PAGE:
"Was Bob Iger my first choice? No. Frankly it's one of those things where time will tell," said Jeffrey Bronchick, chief investment officer at Reed, Connor and Birdwell, which holds 2.6 million Disney shares.

Bronchick said it will be interesting to see how Iger operates on his own, out from under the shadow of Eisner, who Bronchick called "a world-class second guesser."

The media world and investment community are waiting as well. Iger has demonstrated a willingness to patch the relations strained by Eisner, often described as a combative executive who fiercely protected the Disney assets, sometimes to a fault.

Iger came to Disney via the ABC Television Network acquisition in 1996. Prior to the buyout, he was the network's president and became ABC's chairman after Disney stepped in.

By 2000, Iger filled the post left in question for several years after Frank Wells died in a helicopter crash in 1994. Eisner tried to put friend and superagent Michael Ovitz (search) in that role in 1995, but that experiment failed after little more than a year.

Iger's toned-down style was considered the perfect complement to Eisner's mercurial personality. But whether he can take on the roles that Eisner filled is a key question.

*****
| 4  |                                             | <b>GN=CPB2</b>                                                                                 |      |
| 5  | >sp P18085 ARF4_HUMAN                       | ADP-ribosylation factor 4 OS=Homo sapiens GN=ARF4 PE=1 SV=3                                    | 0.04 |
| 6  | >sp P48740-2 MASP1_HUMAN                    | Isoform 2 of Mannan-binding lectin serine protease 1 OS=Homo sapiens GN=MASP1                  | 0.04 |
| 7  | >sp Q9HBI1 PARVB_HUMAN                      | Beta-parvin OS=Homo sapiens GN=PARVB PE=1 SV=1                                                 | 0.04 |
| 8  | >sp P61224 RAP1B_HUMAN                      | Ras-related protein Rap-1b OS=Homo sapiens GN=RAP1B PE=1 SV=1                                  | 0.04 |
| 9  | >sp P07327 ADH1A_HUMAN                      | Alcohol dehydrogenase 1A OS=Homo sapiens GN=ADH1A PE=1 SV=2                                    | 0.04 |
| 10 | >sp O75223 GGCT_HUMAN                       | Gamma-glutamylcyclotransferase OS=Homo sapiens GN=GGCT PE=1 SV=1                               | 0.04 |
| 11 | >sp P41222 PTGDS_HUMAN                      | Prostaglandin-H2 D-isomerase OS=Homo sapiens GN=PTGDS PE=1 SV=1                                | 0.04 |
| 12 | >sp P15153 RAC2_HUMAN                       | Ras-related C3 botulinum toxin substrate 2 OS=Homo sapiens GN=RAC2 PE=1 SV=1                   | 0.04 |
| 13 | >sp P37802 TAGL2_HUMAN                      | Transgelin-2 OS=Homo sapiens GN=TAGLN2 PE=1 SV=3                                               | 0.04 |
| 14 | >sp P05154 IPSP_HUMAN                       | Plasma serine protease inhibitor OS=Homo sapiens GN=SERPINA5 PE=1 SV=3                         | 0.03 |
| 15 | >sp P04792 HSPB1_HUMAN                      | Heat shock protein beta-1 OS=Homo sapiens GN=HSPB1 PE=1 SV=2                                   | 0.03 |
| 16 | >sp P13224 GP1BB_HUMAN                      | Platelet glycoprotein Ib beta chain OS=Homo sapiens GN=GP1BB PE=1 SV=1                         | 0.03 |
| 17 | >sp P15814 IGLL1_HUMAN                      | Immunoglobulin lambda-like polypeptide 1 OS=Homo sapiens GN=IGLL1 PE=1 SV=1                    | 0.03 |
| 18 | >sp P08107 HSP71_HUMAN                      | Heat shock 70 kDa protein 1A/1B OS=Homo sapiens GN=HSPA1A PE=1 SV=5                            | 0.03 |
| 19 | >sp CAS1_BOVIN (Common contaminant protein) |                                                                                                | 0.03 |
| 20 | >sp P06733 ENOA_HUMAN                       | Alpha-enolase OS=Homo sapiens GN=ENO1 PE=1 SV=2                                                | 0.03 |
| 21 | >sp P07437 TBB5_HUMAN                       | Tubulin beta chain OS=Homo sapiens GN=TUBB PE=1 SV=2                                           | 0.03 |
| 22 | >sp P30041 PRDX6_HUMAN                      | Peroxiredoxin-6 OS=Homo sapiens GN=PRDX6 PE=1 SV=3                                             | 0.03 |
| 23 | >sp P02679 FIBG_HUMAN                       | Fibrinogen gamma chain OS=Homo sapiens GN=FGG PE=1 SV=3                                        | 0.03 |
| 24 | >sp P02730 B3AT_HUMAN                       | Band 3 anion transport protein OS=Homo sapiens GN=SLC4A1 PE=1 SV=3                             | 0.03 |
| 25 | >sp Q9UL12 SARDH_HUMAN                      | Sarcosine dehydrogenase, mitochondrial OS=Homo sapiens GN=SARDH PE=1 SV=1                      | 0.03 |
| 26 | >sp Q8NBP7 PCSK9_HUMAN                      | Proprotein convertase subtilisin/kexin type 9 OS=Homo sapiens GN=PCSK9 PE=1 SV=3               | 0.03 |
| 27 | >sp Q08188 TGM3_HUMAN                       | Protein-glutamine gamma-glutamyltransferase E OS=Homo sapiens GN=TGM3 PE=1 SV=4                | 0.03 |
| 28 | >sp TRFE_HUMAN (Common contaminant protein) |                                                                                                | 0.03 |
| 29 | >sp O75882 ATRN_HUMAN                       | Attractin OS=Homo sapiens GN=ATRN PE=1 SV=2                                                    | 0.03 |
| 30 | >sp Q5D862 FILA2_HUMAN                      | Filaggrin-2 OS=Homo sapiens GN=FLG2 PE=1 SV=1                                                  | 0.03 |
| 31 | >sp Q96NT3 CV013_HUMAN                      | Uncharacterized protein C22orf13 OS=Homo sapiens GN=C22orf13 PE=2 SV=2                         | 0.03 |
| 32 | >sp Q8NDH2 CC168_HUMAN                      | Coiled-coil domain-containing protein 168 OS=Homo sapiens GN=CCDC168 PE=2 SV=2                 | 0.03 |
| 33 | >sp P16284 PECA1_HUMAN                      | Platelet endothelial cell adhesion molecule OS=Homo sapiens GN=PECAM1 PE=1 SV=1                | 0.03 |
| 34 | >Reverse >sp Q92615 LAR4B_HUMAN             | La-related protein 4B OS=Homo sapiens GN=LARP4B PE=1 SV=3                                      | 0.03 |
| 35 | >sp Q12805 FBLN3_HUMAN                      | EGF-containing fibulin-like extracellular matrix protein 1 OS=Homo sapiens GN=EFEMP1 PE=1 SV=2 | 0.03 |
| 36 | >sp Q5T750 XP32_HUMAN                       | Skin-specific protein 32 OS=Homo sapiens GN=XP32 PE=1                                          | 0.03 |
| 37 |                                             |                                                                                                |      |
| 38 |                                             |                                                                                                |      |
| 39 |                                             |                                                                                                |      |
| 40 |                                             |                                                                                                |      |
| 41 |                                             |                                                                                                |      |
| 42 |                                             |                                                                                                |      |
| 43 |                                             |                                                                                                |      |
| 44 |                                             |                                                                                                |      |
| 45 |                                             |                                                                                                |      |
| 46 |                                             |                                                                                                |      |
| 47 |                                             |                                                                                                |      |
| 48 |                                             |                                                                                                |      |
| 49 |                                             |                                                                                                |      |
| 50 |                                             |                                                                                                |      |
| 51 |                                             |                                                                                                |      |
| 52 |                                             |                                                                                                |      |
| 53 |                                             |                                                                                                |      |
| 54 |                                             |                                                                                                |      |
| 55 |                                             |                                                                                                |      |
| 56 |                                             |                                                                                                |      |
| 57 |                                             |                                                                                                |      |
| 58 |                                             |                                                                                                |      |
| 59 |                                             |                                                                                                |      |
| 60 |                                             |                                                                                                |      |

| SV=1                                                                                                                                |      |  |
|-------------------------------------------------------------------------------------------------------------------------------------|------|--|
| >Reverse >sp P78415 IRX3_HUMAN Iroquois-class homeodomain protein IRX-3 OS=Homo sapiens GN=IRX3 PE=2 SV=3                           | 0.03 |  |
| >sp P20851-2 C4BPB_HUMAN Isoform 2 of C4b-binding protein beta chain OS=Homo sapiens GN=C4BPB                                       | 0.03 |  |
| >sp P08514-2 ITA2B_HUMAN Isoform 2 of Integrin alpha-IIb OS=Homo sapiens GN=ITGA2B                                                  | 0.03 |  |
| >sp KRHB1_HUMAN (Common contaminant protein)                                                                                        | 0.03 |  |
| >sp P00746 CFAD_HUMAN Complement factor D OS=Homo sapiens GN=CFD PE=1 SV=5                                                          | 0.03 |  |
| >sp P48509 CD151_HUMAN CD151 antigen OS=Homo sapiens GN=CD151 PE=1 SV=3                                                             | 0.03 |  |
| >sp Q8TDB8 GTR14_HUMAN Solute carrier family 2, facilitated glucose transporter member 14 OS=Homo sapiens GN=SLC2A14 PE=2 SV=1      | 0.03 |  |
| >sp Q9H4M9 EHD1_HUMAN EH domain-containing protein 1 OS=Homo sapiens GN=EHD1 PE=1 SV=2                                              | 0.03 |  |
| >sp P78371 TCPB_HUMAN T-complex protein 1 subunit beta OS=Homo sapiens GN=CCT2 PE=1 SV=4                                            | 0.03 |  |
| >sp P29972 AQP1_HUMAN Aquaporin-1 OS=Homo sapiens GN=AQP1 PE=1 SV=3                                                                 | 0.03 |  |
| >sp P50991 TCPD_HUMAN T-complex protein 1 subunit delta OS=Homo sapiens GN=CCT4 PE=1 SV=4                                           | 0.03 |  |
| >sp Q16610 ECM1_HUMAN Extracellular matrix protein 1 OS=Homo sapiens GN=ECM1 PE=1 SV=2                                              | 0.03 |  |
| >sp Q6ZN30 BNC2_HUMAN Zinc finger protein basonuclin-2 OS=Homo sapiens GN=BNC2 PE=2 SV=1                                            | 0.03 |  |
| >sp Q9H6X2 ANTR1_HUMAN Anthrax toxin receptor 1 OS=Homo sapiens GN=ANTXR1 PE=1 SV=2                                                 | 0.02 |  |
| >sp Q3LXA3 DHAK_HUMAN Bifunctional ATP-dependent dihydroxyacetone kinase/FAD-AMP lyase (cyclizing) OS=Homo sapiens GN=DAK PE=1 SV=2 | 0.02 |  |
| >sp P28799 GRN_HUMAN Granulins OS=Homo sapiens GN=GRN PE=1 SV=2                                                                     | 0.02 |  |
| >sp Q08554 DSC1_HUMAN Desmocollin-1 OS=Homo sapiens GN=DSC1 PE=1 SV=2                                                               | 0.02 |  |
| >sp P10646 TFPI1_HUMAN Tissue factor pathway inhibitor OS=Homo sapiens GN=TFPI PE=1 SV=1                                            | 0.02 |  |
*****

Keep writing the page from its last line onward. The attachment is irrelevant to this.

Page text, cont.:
Eisner grew up in Hollywood as a creative executive, helping lift the fortunes of ABC and Paramount Pictures (VIA) before coming to Disney. Eisner's first 10 years at Disney were wildly successful, as he revived the company's theme parks and resurrected its film operations, particularly Disney's vaunted animation department.

Some wonder whether Iger, who has focused attention on putting the company's products on modern platforms, can develop enough material to put on those new delivery systems.

It was under Iger's watch that ABC sunk to the ratings cellar after the network decided to bank heavily on "Who Wants To Be A Millionaire," letting it eat up prime time slots several nights a week. When its ratings fell, the network had little material to replace it.